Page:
Hormone Testing; Serum, Saliva or Urine?
Claire Wakefield - Naturopath
Since i posted a hormone profile discussion yesterday, I have had a number of you ask me what the difference between blood and saliva testing is, when it comes to hormones. One person also asked me to compare it to a urine test… all three are valid in their own arena, but all three have their own limitations as well. Instead of replying to you all individually, I decided to do a quick write up to explain the ins and outs of each. 📷
Blood Testing (Serum)
This is the most frequently used hormone testing in the Medical arena and has been the standard method for many years. It is reasonably accurate for testing the ‘peptide hormones’ of the body; FSH, LH, Prolactin, and Fasting Insulin. The only steroid hormone which is deliberately measured as the FREE component only, is Free Testosterone. So, if you are after testosterone levels only, blood testing would be fine.
For our steroid hormones it is another story altogether, as a blood level of these hormones can not differentiate between bound and free/usable hormone. To give you an example, you may get a test result that says your Progesterone levels are at 12. .. Well guess what? You might not be able to use ANY of these units. These 12 units may all be bound and therefore unavailable for use. This means that a person can be functionally deficient but still throw a great blood result. Not overly helpful.
Hormones are all secreted by glands in a pulsatile manner over time. This means that they are secreted by the gland into the bloodstream at various intervals, or in response to certain biological cues. A blood test is literally a snapshot of one single moment in time, so consider that it is virtually impossible to know at which part of that hormones’ life cycle the blood was drawn on – so who’s to know if it was at a peak or a trough in the blood levels. (This is one reason blood levels of TSH are not amazingly reliable when investigating Thyroid function; they literally fluctuate daily).
Blood Hormone testing is available via your GP and is usually bulk billed (so you do not incur a cost)
Testing saliva is the most reliable way to measure free, or ‘bioavailable’ hormones at the tissue level. This differs from blood tests, which can not differentiate between which hormone is bound and which is available for use.
Total blood hormone levels are not comparable to saliva levels and can be loosely compared by using an approximate ratio of 1-10% of free to bound hormones. (So you would reduce your blood figures by 90%!).
Testing saliva can help with the monitoring of effects of bio-identical hormones or natural HRT, as it gives a clear indication of how much hormone is being used inside the tissue.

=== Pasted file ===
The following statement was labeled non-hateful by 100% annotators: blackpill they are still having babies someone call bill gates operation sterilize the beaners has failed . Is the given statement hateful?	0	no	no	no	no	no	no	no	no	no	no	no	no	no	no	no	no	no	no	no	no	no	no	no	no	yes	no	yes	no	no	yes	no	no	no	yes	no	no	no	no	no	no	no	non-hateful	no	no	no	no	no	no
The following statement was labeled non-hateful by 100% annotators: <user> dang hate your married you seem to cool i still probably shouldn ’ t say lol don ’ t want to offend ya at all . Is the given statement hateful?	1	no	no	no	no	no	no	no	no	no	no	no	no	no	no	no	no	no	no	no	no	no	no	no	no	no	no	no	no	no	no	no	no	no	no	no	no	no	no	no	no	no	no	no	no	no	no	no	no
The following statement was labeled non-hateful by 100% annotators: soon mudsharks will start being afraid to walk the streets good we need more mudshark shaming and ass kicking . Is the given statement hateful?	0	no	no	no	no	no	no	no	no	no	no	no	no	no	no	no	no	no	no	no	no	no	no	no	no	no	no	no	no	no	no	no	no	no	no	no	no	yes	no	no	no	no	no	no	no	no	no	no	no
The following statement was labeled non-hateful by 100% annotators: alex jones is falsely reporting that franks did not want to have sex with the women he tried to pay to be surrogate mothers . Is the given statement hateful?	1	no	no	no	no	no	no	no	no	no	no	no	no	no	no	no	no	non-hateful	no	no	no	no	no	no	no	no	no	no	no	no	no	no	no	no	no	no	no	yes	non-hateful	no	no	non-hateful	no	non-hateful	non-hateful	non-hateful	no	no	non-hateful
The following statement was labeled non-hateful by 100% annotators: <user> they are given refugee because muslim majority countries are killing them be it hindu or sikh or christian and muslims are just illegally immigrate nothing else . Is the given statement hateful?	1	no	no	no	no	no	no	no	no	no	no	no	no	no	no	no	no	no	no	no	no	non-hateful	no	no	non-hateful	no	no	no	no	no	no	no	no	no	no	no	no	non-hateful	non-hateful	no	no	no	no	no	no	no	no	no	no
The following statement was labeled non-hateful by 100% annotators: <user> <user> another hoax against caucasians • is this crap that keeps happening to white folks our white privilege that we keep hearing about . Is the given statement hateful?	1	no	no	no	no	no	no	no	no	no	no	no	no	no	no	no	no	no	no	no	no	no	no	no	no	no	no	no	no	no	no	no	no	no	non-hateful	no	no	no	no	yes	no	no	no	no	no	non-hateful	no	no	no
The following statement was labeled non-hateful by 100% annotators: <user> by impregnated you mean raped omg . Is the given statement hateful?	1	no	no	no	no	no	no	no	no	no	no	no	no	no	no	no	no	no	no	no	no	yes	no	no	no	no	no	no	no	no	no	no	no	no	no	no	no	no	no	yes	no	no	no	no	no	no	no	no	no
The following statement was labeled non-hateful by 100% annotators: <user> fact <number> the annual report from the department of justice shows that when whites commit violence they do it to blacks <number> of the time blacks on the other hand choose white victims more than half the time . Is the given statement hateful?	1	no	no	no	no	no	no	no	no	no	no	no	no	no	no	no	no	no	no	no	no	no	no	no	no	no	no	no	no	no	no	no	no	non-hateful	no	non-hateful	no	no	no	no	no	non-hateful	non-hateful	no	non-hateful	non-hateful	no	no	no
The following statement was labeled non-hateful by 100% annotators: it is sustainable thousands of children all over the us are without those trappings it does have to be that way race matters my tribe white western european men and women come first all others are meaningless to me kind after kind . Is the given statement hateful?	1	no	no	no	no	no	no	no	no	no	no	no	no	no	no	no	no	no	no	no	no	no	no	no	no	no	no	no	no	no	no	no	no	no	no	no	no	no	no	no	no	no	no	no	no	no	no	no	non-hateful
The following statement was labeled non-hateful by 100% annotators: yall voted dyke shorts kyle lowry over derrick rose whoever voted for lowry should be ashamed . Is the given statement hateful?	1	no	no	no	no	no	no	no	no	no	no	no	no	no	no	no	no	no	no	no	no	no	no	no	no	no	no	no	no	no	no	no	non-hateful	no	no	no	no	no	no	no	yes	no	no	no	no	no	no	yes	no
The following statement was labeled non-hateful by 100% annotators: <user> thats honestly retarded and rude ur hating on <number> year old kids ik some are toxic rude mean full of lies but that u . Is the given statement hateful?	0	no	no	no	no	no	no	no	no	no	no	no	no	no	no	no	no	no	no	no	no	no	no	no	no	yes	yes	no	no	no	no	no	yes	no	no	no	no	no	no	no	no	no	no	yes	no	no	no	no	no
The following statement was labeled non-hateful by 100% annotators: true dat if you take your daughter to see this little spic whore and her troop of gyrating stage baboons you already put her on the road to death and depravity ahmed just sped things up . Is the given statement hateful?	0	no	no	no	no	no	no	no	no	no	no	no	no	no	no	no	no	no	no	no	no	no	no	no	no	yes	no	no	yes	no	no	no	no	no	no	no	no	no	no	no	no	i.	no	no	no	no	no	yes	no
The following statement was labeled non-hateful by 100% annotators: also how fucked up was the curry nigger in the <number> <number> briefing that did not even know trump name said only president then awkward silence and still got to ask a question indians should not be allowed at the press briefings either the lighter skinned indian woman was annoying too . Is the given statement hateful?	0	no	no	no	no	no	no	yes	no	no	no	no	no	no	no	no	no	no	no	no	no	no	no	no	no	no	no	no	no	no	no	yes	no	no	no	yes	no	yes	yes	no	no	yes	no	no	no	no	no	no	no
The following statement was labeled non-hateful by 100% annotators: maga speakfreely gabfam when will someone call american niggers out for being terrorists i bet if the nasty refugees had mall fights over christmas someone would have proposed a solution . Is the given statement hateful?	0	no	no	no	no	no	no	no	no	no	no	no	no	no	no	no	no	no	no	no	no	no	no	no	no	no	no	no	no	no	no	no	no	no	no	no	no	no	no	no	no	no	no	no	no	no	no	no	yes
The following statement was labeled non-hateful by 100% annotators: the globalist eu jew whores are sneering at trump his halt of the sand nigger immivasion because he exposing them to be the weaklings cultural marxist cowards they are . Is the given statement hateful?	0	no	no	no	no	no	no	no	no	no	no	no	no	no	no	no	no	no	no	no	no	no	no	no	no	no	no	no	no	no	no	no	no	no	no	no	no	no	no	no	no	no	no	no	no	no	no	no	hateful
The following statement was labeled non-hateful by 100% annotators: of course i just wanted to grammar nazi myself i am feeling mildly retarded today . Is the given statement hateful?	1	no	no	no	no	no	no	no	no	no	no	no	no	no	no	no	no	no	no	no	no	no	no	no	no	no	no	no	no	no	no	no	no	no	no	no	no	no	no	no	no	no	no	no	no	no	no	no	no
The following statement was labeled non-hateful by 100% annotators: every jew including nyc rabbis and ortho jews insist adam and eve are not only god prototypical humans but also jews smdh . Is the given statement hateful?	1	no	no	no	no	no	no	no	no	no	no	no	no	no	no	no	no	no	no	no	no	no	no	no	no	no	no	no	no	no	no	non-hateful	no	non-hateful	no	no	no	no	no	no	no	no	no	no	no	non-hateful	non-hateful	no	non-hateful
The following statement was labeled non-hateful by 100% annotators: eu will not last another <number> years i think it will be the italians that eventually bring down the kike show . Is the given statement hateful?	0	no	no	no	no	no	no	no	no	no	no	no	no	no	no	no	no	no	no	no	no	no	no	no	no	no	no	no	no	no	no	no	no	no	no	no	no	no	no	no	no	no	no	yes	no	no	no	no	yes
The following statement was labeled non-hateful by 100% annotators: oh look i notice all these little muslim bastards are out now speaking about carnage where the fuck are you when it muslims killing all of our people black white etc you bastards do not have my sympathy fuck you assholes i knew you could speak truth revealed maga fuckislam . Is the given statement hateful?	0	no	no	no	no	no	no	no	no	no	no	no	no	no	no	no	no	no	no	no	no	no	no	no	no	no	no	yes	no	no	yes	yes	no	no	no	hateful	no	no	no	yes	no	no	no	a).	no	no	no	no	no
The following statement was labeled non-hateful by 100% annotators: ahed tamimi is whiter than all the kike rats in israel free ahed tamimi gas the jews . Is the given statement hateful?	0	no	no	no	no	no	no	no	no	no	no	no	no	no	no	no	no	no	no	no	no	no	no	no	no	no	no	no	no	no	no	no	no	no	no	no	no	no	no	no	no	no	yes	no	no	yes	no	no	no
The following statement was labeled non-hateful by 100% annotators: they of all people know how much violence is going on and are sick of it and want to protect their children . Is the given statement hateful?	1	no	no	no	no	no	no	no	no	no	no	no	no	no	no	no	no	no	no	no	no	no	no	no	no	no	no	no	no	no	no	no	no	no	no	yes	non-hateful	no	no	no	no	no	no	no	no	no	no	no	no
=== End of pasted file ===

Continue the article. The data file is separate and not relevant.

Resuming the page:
Saliva is the most useful panel when investigating the following hormones:
Estrogens (E1, E2, and E3). I will mention that there are tests available for both ‘spot’ testing, and also month-long testing. This latter one is an amazing resource for those women who are trying to fall pregnant but are unsuccessful, and might be having fertility issues.
DHEA and Cortisol: Adrenal hormones can be measured a particular time of the day (say, if there is an issue with a large dive in energy levels at a certain time of day for example), or it can be measured over the course of the day at intervals – In order to see how the body is working dynamically.
I like Saliva testing as a baseline test, and will give me an accurate idea of how much hormone is being used by the body at the tissue level. I find it gives me an idea of what might need to be further investigated or focused on, and from here I might look to the urinary testing to investigate the WHY's a little more. The Saliva testing in not available in mainstream medical clinics, so being a Functional Medical Test it does incur a cost (which varies greatly depending on which test is performed).
Urinary testing is more of a dynamic style/functional test, which can assess each of the hormones’ byproducts and how they are being broken down by the body into a thing called metabolites. Each of the different metabolites have their own biological action on the body (some being good, some not so good). By measuring metabolites you can often see where the body is stopping short in the normal processing of the hormones- for example, an imbalance in the Estrogen metabolites can indicate liver metabolism issues- and this means that quite often this style of testing can give you a wider scope on a patient’s picture, and can help to point the practitioner toward lifestyle and dietary modifications in order to re-balance that system.
Urinary hormone testing can be done via spot urine or over, say, a 24hr collection period, depending on what sort of information the practitioner is chasing.
The downside to this style of testing is the cost. Out of all forms of hormone testing, this is often the most expensive. (I guess you get what you pay for though!)